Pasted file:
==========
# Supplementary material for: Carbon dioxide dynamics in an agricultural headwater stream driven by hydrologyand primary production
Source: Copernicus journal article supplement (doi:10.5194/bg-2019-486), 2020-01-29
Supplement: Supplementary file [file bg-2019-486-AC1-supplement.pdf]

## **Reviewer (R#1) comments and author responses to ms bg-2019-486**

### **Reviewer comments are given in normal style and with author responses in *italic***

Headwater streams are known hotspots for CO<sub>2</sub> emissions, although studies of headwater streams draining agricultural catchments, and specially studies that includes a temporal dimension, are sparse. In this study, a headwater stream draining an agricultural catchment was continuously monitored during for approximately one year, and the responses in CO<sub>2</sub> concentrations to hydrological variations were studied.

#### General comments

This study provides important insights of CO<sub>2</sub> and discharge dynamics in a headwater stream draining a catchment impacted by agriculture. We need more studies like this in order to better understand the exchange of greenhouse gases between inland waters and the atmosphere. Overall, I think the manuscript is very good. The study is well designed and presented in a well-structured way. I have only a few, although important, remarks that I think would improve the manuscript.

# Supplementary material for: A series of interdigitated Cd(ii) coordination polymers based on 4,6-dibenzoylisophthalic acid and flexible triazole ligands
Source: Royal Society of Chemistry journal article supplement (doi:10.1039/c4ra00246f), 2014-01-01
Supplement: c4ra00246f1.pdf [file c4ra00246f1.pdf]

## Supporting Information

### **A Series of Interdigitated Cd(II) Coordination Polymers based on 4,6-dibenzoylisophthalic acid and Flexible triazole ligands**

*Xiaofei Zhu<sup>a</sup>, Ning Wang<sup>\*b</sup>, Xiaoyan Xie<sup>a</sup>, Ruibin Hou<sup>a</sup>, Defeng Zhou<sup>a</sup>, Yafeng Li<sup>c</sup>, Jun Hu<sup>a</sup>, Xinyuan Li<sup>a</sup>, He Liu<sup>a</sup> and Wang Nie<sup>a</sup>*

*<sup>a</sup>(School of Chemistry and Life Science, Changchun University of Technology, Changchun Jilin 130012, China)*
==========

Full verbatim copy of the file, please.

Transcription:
# Supplementary material for: Carbon dioxide dynamics in an agricultural headwater stream driven by hydrologyand primary production
Source: Copernicus journal article supplement (doi:10.5194/bg-2019-486), 2020-01-29
Supplement: Supplementary file [file bg-2019-486-AC1-supplement.pdf]

## **Reviewer (R#1) comments and author responses to ms bg-2019-486**

### **Reviewer comments are given in normal style and with author responses in *italic***

Headwater streams are known hotspots for CO<sub>2</sub> emissions, although studies of headwater streams draining agricultural catchments, and specially studies that includes a temporal dimension, are sparse. In this study, a headwater stream draining an agricultural catchment was continuously monitored during for approximately one year, and the responses in CO<sub>2</sub> concentrations to hydrological variations were studied.

#### General comments

This study provides important insights of CO<sub>2</sub> and discharge dynamics in a headwater stream draining a catchment impacted by agriculture. We need more studies like this in order to better understand the exchange of greenhouse gases between inland waters and the atmosphere. Overall, I think the manuscript is very good. The study is well designed and presented in a well-structured way. I have only a few, although important, remarks that I think would improve the manuscript.

# Supplementary material for: A series of interdigitated Cd(ii) coordination polymers based on 4,6-dibenzoylisophthalic acid and flexible triazole ligands
Source: Royal Society of Chemistry journal article supplement (doi:10.1039/c4ra00246f), 2014-01-01
Supplement: c4ra00246f1.pdf [file c4ra00246f1.pdf]

## Supporting Information

### **A Series of Interdigitated Cd(II) Coordination Polymers based on 4,6-dibenzoylisophthalic acid and Flexible triazole ligands**

*Xiaofei Zhu<sup>a</sup>, Ning Wang<sup>\*b</sup>, Xiaoyan Xie<sup>a</sup>, Ruibin Hou<sup>a</sup>, Defeng Zhou<sup>a</sup>, Yafeng Li<sup>c</sup>, Jun Hu<sup>a</sup>, Xinyuan Li<sup>a</sup>, He Liu<sup>a</sup> and Wang Nie<sup>a</sup>*

*<sup>a</sup>(School of Chemistry and Life Science, Changchun University of Technology, Changchun Jilin 130012, China)*